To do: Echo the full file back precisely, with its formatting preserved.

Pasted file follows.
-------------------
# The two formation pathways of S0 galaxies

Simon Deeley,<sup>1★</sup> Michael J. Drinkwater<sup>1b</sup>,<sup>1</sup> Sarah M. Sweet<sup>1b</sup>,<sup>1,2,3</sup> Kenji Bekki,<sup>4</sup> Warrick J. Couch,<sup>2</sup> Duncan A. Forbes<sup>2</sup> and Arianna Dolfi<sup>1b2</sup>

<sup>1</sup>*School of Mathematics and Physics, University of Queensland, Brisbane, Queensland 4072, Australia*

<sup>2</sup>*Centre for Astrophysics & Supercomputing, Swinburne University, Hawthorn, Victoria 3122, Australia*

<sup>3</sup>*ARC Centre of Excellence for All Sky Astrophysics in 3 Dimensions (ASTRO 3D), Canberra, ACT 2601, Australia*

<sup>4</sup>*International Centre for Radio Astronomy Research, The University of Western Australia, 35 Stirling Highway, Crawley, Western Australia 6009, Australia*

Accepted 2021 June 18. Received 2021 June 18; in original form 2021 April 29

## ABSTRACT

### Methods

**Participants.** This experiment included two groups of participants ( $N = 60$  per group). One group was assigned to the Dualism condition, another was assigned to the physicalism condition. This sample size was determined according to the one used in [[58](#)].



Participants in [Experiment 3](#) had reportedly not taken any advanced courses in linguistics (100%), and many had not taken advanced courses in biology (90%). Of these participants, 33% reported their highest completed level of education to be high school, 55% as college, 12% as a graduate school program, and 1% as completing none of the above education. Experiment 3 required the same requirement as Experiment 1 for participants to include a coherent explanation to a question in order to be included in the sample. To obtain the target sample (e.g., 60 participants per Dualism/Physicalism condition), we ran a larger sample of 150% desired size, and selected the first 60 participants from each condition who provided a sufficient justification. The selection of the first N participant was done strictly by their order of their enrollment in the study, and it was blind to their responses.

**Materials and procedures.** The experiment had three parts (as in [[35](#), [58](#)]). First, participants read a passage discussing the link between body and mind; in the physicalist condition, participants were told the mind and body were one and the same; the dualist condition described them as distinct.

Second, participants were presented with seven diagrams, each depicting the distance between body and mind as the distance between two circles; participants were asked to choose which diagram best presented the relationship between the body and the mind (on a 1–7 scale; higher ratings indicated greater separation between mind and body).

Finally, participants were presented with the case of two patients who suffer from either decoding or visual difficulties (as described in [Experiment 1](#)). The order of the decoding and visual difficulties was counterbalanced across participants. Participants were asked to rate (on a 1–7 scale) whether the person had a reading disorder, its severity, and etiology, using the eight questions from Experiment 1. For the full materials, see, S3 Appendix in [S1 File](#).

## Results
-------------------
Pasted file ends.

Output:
# The two formation pathways of S0 galaxies

Simon Deeley,<sup>1★</sup> Michael J. Drinkwater<sup>1b</sup>,<sup>1</sup> Sarah M. Sweet<sup>1b</sup>,<sup>1,2,3</sup> Kenji Bekki,<sup>4</sup> Warrick J. Couch,<sup>2</sup> Duncan A. Forbes<sup>2</sup> and Arianna Dolfi<sup>1b2</sup>

<sup>1</sup>*School of Mathematics and Physics, University of Queensland, Brisbane, Queensland 4072, Australia*

<sup>2</sup>*Centre for Astrophysics & Supercomputing, Swinburne University, Hawthorn, Victoria 3122, Australia*

<sup>3</sup>*ARC Centre of Excellence for All Sky Astrophysics in 3 Dimensions (ASTRO 3D), Canberra, ACT 2601, Australia*

<sup>4</sup>*International Centre for Radio Astronomy Research, The University of Western Australia, 35 Stirling Highway, Crawley, Western Australia 6009, Australia*

Accepted 2021 June 18. Received 2021 June 18; in original form 2021 April 29

## ABSTRACT

### Methods

**Participants.** This experiment included two groups of participants ( $N = 60$  per group). One group was assigned to the Dualism condition, another was assigned to the physicalism condition. This sample size was determined according to the one used in [[58](#)].



Participants in [Experiment 3](#) had reportedly not taken any advanced courses in linguistics (100%), and many had not taken advanced courses in biology (90%). Of these participants, 33% reported their highest completed level of education to be high school, 55% as college, 12% as a graduate school program, and 1% as completing none of the above education. Experiment 3 required the same requirement as Experiment 1 for participants to include a coherent explanation to a question in order to be included in the sample. To obtain the target sample (e.g., 60 participants per Dualism/Physicalism condition), we ran a larger sample of 150% desired size, and selected the first 60 participants from each condition who provided a sufficient justification. The selection of the first N participant was done strictly by their order of their enrollment in the study, and it was blind to their responses.

**Materials and procedures.** The experiment had three parts (as in [[35](#), [58](#)]). First, participants read a passage discussing the link between body and mind; in the physicalist condition, participants were told the mind and body were one and the same; the dualist condition described them as distinct.

Second, participants were presented with seven diagrams, each depicting the distance between body and mind as the distance between two circles; participants were asked to choose which diagram best presented the relationship between the body and the mind (on a 1–7 scale; higher ratings indicated greater separation between mind and body).

Finally, participants were presented with the case of two patients who suffer from either decoding or visual difficulties (as described in [Experiment 1](#)). The order of the decoding and visual difficulties was counterbalanced across participants. Participants were asked to rate (on a 1–7 scale) whether the person had a reading disorder, its severity, and etiology, using the eight questions from Experiment 1. For the full materials, see, S3 Appendix in [S1 File](#).

## Results